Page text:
People are amazing.
In this journey of battling prostate cancer, I have met some astounding people. Again and again, I have had a man or a woman come into our store for no other reason than to offer me encouragement and hope.
“You got this!” they tell me.
“You can do it!”
“I am praying for you.”
There have been numerous hugs. Firm hand shakes. Words of encouragement. Gifts. Stories – many, many stories of overcoming cancer or some other type of challenge. A book arrived in the mail (read this, it will encourage you!). A letter arrived offering encouragement. One friend loaned me an expensive piece of equipment for therapy (PEMF System).
Hope. It is out there. It’s everywhere.
One man came to the store specifically to talk with me. We were closed, but he tapped on the door and we let him in. He had been diagnosed with prostate cancer and had been through everything that I was about to go through. And like me, he was a runner. “I just wanted to come by and introduce myself,” he said. “And tell you that it’s okay. You’ll be fine.”
Another man is in my business network group. He had also been diagnosed with prostate cancer and had been through everything I was about to go through. I see him every week. “How ya doin’? he asks. “You will have no problem.”
Text messages. Email messages. Phone calls. Visits to our store. Casual conversations in other stores or restaurants.
Everywhere I go, and every day that I live, I meet people who are clinging to hope and who are offering hope. Even in the midst of tragedy, such as school shootings or fatal car accidents, people continue to reach out to each other. It’s like people are reaching back, grasping hands, and pulling others along.
“I’ve been there. If I can do it, you can do it.”
I am happy to report that the human spirit is alive and well.
The Bible talks about hope. In the book of Romans, there is a description of the kind of behavior that I have found in people.
“Rejoice in our confident hope. Be patient in trouble, and always keep on praying. When God’s people are in need, be ready to help them. Always be eager to practice hospitality.”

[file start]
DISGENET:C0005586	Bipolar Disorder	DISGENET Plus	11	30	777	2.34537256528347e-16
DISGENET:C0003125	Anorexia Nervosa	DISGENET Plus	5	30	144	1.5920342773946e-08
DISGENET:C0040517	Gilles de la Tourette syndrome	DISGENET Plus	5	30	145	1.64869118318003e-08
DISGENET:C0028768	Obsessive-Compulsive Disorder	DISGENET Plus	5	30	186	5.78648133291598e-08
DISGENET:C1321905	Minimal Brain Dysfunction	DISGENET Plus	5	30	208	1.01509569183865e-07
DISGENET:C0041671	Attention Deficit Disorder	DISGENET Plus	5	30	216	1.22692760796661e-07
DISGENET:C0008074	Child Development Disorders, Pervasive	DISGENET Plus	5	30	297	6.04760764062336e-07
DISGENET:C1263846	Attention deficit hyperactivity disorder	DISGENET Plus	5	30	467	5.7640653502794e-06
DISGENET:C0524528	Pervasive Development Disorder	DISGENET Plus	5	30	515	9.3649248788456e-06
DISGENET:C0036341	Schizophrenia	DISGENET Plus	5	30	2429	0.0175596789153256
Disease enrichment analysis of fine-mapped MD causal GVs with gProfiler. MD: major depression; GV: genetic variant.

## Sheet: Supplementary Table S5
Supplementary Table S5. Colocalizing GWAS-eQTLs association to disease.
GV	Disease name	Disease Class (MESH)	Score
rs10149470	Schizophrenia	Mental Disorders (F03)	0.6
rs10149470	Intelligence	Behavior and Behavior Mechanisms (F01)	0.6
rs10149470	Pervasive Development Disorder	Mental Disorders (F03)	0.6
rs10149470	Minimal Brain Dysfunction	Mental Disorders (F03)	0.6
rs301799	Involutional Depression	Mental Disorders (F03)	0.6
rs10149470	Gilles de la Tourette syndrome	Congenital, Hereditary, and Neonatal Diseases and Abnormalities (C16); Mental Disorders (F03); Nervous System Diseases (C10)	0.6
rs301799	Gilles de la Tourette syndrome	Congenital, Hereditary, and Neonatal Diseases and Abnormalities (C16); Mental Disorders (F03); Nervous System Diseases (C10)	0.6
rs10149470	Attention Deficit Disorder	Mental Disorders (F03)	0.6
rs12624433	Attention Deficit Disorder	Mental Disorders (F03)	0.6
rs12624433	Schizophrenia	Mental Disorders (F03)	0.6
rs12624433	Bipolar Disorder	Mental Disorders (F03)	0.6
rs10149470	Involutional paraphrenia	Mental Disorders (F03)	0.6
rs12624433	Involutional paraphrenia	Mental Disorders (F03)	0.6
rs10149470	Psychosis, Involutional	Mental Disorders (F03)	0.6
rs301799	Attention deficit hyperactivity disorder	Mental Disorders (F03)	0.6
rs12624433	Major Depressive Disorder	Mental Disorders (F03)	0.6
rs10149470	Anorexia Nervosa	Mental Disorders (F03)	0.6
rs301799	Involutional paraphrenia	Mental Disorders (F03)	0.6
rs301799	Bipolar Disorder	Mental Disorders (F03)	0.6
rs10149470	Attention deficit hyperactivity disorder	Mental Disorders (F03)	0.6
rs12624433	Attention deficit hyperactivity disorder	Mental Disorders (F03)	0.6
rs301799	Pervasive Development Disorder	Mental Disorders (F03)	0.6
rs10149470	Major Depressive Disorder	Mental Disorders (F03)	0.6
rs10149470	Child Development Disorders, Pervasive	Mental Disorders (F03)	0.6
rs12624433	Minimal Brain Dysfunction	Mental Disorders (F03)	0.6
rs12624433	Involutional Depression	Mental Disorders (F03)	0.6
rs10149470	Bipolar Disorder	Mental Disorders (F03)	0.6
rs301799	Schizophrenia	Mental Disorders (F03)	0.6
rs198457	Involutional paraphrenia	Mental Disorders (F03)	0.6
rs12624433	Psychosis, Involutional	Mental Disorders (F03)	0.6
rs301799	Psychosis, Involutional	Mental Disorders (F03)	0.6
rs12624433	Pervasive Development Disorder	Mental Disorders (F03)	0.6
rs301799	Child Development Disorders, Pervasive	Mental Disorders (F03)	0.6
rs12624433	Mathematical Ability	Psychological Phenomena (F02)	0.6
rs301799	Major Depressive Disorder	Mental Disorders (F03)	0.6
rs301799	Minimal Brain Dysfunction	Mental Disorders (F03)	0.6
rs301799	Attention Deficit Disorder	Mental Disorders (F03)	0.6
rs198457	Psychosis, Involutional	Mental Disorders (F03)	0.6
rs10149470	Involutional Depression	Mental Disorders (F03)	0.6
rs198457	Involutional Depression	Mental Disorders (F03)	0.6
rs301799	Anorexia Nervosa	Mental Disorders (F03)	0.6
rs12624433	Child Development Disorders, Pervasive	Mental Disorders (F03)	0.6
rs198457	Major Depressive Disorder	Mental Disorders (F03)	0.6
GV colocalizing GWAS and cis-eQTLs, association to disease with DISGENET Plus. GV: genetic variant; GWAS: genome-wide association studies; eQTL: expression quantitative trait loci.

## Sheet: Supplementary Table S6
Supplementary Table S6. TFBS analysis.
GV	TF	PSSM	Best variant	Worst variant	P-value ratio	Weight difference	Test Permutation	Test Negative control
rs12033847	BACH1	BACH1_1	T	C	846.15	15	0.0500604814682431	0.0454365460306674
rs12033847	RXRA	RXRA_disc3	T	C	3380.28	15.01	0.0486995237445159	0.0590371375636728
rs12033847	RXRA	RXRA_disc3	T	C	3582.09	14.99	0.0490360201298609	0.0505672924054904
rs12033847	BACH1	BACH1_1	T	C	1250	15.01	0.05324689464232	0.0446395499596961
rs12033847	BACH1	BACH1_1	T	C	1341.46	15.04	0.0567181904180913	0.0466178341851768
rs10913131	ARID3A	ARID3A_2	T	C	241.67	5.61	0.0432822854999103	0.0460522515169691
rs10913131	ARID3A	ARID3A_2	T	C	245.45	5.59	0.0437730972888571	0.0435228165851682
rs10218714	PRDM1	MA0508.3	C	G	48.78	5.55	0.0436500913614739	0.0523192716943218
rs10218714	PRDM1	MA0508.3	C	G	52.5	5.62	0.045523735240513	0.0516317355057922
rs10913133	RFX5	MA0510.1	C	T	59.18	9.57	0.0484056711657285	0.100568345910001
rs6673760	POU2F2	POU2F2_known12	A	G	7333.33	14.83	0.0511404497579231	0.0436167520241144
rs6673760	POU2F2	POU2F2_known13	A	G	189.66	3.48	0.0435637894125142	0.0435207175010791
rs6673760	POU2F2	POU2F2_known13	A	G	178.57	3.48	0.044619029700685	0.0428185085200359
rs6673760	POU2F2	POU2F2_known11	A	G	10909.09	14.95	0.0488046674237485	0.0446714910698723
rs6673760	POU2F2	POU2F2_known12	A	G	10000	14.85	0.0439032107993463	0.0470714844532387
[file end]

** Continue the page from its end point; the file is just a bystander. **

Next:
The human spirit is marvelous. People everywhere are confident in hope. They are patient in trouble. They are ready to help and to offer hospitality. No matter how much bad news spills through the television set or comes through on social media, people keep marching on, grasping hands, uniting, and pressing on.
I am happy to report that good and profound and astonishing men and women are still out there. They are everywhere. Sometimes you just have to look for them.
One of my customers invited me to have coffee with him. He wanted to talk with me about my journey with prostate cancer. He wanted to share valuable information with me, and to tell me his story. We met for over an hour. It was fascinating. His experiences were many. His knowledge was abundant and his advice was profound. His continued hope was inspiring.
And yes, there are some days when I am tired. When my legs are sore. When the journey seems long. When it feels like there are too many things to do and not enough time to get them all done. When the hills are big and the ground is rocky. But then I read those comments on Facebook. “Keep running! Keep going! You got this!”
And so I lace up my shoes.
And I go out there.
And I find hope.
Sometimes that hope is as simple as a sign hanging on a tree. A simple thing that someone did. But that sign stopped me in my tracks. It made me realize that no matter what we are going through, we can cling to hope.
Hold on. Pain ends.
A new day comes. That sun will rise. The morning will break.
And so, with confident hope and renewed faith in my fellow mankind, I press on.